There are five stocks of Alaska pollock: Aleutian Islands, Eastern Bering Sea, Western/Central Gulf of Alaska, Bogoslof, and the Eastern Gulf of Alaska. Last assessed in 2013, no stocks are currently subject to overfishing. The Aleutian Islands, Eastern Bering Sea and Western/Central Gulf of Alaska pollock stocks are not overfished. The overfished status for the Bogoslof and Eastern Gulf of Alaska stocks is unknown.
When the United States extended its fisheries management jurisdiction out to 200 miles offshore in 1976, U.S. fishermen or processors were not active in the Alaska pollock fishery. Initially, the United States allowed foreign fishing and fish processing vessels to harvest and process "surplus" pollock. By the late 1980s, U.S. fishermen and processors fully harvested available pollock quotas and foreign fleets were phased out. For more than 30 years, the United States has maintained safe harvest levels for Alaska pollock, and the fishery is now the largest whitefish fishery in the world.
In the U.S., pollock are harvested by trawlers. These vessels tow a large cone-shaped net through the mid-water to harvest schools of pollock. Some of these vessels are “catcher-processors” and process their catch at sea; others are just “catchers” and deliver their catch to shore-based processors or motherships (at-sea processors which rely on catcher vessels to harvest and deliver fish to them).
The Alaska pollock fishery is one of the cleanest in terms of incidental catch of other species. Less than 2 percent of the total Alaska pollock catch is made up of other species. However, bycatch of Pacific salmon is a particular concern because of its importance to commercial and subsistence fisheries. Scientifically trained observers carefully monitor Pacific salmon bycatch numbers. When feasible, the salmon are donated to local Alaska food banks. The North Pacific Fishery Management Council recently refined measures to further reduce Chinook salmon bycatch. These measures place hard caps on the amount of Chinook salmon bycatch allowed and effectively ensure that individual vessel operators act to minimize bycatch. The pollock industry has developed several innovative approaches to meet these new requirements including using NOAA Fisheries Observer program data to close salmon bycatch hotspots to fishing on a weekly basis and testing a new “salmon excluder device” for trawl nets. The council is also analyzing the impact of the pollock fishery on other salmon species and is developing measures to refine current bycatch minimization programs.
Who’s in charge? The North Pacific Fishery Management Council provides management advice to NOAA Fisheries. NOAA Fisheries uses the advice to develop regulations and provides in-season management measures that control the fishery and ensures that catches are below all of the imposed limits (for all stocks including non-targeted and prohibited species). The State of Alaska has jurisdiction over fishermen operating in state waters.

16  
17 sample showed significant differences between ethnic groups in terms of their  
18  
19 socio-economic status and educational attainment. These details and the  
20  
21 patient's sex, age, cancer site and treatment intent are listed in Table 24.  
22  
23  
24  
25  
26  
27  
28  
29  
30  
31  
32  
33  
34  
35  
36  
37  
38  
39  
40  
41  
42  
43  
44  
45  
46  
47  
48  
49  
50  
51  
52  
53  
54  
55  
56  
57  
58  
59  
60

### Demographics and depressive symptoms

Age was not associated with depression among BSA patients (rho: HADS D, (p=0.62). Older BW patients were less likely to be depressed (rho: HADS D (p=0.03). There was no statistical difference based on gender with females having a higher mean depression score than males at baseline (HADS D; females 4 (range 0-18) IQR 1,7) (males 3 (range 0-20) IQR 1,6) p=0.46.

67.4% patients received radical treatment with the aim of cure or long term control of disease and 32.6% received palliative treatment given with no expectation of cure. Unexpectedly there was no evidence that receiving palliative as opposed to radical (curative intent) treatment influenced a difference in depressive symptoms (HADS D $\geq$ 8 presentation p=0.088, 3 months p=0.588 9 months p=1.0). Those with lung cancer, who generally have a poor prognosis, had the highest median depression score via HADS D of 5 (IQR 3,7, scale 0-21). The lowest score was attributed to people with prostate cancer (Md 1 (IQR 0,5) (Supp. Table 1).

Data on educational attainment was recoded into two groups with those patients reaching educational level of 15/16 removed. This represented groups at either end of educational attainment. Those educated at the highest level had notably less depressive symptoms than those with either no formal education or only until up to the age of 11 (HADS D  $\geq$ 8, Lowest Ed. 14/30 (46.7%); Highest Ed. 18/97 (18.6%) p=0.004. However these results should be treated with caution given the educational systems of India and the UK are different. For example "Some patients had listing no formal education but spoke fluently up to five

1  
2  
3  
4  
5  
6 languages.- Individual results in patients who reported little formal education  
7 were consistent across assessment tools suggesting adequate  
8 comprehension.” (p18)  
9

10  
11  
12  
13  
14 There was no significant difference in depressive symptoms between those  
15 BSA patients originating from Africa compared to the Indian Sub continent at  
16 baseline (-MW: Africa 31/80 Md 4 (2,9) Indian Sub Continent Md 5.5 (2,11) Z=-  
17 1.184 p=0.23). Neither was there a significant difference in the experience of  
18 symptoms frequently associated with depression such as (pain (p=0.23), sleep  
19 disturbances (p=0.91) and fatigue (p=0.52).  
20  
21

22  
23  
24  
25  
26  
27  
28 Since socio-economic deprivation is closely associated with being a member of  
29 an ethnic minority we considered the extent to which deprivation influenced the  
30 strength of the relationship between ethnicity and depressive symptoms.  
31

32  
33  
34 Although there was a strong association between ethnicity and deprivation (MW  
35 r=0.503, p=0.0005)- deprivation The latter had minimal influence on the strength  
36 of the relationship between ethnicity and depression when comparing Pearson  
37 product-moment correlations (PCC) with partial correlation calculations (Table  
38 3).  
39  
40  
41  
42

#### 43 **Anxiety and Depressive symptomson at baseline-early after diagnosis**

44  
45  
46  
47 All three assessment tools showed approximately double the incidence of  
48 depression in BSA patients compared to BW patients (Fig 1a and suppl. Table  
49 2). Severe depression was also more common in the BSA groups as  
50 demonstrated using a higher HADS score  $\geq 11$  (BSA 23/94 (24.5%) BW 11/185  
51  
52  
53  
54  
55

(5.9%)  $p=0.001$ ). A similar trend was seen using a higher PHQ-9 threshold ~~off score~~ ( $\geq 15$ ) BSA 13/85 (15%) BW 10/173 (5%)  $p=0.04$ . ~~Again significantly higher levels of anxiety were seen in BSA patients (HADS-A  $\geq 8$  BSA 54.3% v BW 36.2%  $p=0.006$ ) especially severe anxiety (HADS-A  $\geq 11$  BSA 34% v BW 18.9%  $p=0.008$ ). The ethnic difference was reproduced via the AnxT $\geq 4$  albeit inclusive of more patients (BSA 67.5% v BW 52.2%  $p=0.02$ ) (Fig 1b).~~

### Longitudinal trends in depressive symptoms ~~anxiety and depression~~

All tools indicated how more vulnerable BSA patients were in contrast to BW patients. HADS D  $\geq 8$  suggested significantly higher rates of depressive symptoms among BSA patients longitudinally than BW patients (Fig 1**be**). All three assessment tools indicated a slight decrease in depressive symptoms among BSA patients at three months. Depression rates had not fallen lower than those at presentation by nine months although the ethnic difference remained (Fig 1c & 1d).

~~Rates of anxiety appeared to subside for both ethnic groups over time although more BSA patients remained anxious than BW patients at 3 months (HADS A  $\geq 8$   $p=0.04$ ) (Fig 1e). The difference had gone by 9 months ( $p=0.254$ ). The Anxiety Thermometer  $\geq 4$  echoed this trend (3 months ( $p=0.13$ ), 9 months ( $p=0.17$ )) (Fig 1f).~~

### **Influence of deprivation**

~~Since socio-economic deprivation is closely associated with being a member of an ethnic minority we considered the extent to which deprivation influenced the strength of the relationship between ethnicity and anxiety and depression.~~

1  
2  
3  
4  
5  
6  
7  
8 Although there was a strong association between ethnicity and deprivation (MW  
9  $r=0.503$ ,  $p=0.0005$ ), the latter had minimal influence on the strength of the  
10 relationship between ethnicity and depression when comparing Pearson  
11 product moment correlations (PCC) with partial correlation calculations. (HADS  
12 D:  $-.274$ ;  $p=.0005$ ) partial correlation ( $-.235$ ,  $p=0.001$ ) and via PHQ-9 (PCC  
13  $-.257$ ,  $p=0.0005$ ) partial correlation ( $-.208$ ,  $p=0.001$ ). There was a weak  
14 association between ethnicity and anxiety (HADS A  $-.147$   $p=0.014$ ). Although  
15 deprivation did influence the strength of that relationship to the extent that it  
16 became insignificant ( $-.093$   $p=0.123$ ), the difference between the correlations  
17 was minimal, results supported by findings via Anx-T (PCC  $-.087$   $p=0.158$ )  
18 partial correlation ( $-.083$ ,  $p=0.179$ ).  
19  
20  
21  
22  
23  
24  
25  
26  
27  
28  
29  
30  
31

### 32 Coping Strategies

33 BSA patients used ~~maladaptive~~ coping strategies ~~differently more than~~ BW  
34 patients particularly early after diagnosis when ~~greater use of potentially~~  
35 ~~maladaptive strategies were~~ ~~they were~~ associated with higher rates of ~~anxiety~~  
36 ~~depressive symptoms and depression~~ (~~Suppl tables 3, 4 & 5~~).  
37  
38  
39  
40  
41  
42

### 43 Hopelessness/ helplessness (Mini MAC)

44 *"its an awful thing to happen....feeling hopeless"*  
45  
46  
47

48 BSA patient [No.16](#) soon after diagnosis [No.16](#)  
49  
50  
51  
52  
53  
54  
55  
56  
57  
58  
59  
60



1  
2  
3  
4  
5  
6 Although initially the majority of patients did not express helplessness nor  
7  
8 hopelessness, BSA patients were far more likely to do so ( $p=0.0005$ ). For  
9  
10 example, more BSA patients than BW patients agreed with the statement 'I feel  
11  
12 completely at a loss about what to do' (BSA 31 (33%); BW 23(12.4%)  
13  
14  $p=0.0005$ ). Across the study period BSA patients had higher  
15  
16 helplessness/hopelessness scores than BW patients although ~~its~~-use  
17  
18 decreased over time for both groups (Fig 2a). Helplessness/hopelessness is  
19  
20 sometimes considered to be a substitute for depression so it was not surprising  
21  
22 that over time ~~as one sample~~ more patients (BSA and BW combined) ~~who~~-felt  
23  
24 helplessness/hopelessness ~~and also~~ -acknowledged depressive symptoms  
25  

Current management: Groundfish Fishery Management Plans for the Gulf of Alaska and the Bering Sea/Aleutian Islands (managed along with fisheries for several other groundfish species like Pacific cod, flounder, and sole)
- Vessels must have a permit to fish for pollock
- Limit on the number of fishermen participating in the fishery
- Annual limit on how much pollock that can be harvested
- Restrictions on when and where vessels can fish to protect other species and their habitat
- Restrictions on the type of gear that can be used
- Measures to reduce bycatch including a program to decrease incidental catch of Chinook salmon through limits on salmon bycatch, increased obeserver coverage, and incentives for pollock fishing vessles to avoid Chinook salmon at all times
- Special management measures in both the federal and state fisheries to protect endangered Steller sea lions and their critical habitat
- Reporting requirements that communicate (daily where practical) catches to NOAA Fisheries regional office, which projects inseason catch limits and announces fishery closures
- Observer monitoring
- Western Alaska Community Development Quota Program - since 1992, 10 percent of the annual pollock quota has been allocated to Western Alaskan "Community Development" groups to reduce poverty and provide economic and social benefits for residents of western Alaska villages
The majority of the U.S. catch of pollock comes from the Bering Sea. From 1977-2011 the catch of eastern Bering Sea pollock has averaged 1.17 million tons. Since 2001, the average has been above 1.28 million tons. However, the average 2009 and 2010 catch has dropped to 0.81 million tons due to stock declines and resulting reductions in allowable harvest levels. In 2011, harvest levels were increased due to favorable signs of pollock born in 2006 and 2008, and the catch was 1.2 million tons. For 2012 through 2014 the Bearing Sea/Aleutian Islands harvest levels average 1.26 million tons.
The Alaska pollock fishery is one of the most valuable in the world. The 2012 pollock catch from the Bering Sea was valued at more than $343 million. Products made from pollock were valued at $1 billion. A quarter of pollock products are surimi (imitation crab), almost a fifth is roe (eggs), and close to half is fillets.
Most Alaska pollock catch comes from the Bering Sea, Gulf of Alaska, and Russia’s Sea of Okhotsk. The United States, Russia, Japan, and Korea are the primary suppliers of Alaska pollock.
Pollock is a mild fish with a slightly coarse texture. It’s oil content is a bit higher and is often more flavorful than other white fish like cod or haddock. Boneless fillets are creamy tan in color. Cooked, the meat is white, firm, and flaky. Pollock is commonly used in surimi (imitation crab) and fried fillet sandwiches but is also sold headed and gutted and in fillets and can be a great substitute for cod.
Fresh – January through April and June through October
Frozen – year-round
|Serving Weight||100 g (raw)|
|Fat, total||0.8 g|
|Saturated fatty acids, total||0.164 g|
|Sugars, total||0 g|
|Fiber, total dietary||0 g|
Alaska Pollock Table of Nutrition